Walk (prop. הָלִך, or יָלִך, περιπατέω). The Hebrew verb not only signifies to advance with a steady step, but also to augment a moderate pace until it acquires rapidity. It is used in this sense by the evangelical prophet with the greatest propriety in the following passage: "Even the youths shall faint and be weary, and the young men shall utterly fall but they that wait upon the Lord shall renew their strength; they shall mount up with wings as eagles; they shall run, and not be weary; and they shall walk, and not faint" (Isa 40:30-31).
Walking for the sake of exercise is rarely practiced in the East; indeed, the indolent Orientals are quite unable to comprehend the conduct of Europeans in walking for mere recreation, without any immediate purpose of business. They attribute this to a spirit of restlessness which they believe to be a kind of curse inflicted upon Christian nations; and, in a dispute between Turks, it is not uncommon for one of the parties, as his worst execration, to wish that his opponent should be condemned "to walk like a Frank." Among the females, this dislike of locomotion is carried to a still greater extent, and there is scarcely any epithet which would be more offensive to a Turkish or Persian lady than to be called "a walker." This appears also to have been the case with the Egyptian ladies, for there are but few instances of their being represented on the monuments in walking attitudes. Wilkinson observes (Anc. Egypt. 2, 347, 348):
"When walking from home, Egyptian gentlemen frequently carried sticks, varying from three or four to about six feet in length, occasionally surmounted with a knob imitating a flower, or with the more usual peg projecting from one side, some of which have been found at Thebes. Many were of cherry-wood, only three feet three inches long; and those I have seen with the lotus head were Generally about the same length. Others appear to have been much longer; the sculptures represent them at least six feet; and one brought to England by Mr. Madox was about five feet in length. Some were ornamented with color and gilding. On entering a house, they left their stick in the hall or at the door; and poor men were sometimes employed to hold the sticks of the guests who had come to a party on foot, being rewarded by the master of the house for their trouble with a trifling compensation in money, with their dinner, or a piece of meat to carry to their family. The name of each person was frequently written on his stick in hieroglyphics, for which reason a hard wood was preferred, as the acacia, which seems to have been more generally used than any other; and on one found at Athribis the owner had written, 'O my stick, the support of my legs,' etc.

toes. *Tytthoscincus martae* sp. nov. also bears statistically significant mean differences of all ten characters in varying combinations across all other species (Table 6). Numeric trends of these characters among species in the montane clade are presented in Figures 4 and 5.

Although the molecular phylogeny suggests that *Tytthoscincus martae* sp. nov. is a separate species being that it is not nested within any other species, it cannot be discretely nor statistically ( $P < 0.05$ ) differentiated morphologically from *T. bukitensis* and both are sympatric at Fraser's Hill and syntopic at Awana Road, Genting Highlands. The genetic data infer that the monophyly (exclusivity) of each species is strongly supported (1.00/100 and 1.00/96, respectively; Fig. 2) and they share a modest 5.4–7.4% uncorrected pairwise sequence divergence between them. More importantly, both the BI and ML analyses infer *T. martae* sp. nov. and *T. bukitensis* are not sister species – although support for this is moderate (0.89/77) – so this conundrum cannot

Walk is often used in Scripture for conduct in life, or a man's general demeanor and deportment. Thus we are told that Enoch and Noah "walked with God;" that is, they maintained a course of action conformed to the will of their Creator, and acceptable in his sight; drawing near to him by public and private devotions; manifesting, by their piety, a constant sense of his presence, and by their purity of life a reverence for the moral laws which he had established for the guidance of his creatures. In many parts both of the Old and New Test. we find God promising to walk with his people; and his people, on the other hand, desiring the influence of God's Holy Spirit, that they may walk in his statutes. "To walk in darkness" (1Jo 1:6-7) is to be involved in unbelief, and misled by error; "to walk in the light" is to be well informed, holy, and happy; "to walk by faith" is to expect the things promised or threatened, and to maintain a course of conduct perfectly consistent with such a belief; "to walk after the flesh" is to gratify the carnal desires, to yield to the fleshly appetites, and be obedient to the lusts of the flesh; "to walk after the Spirit" is to pursue spiritual objects, to cultivate spiritual affections, to be spiritually minded, which is life and peace.
By a somewhat different figure, the pestilence is said to walk in darkness, spreading its ravages by night as well as by day. God is said to walk on the wings of the wind, and the heart of man to walk after detestable things.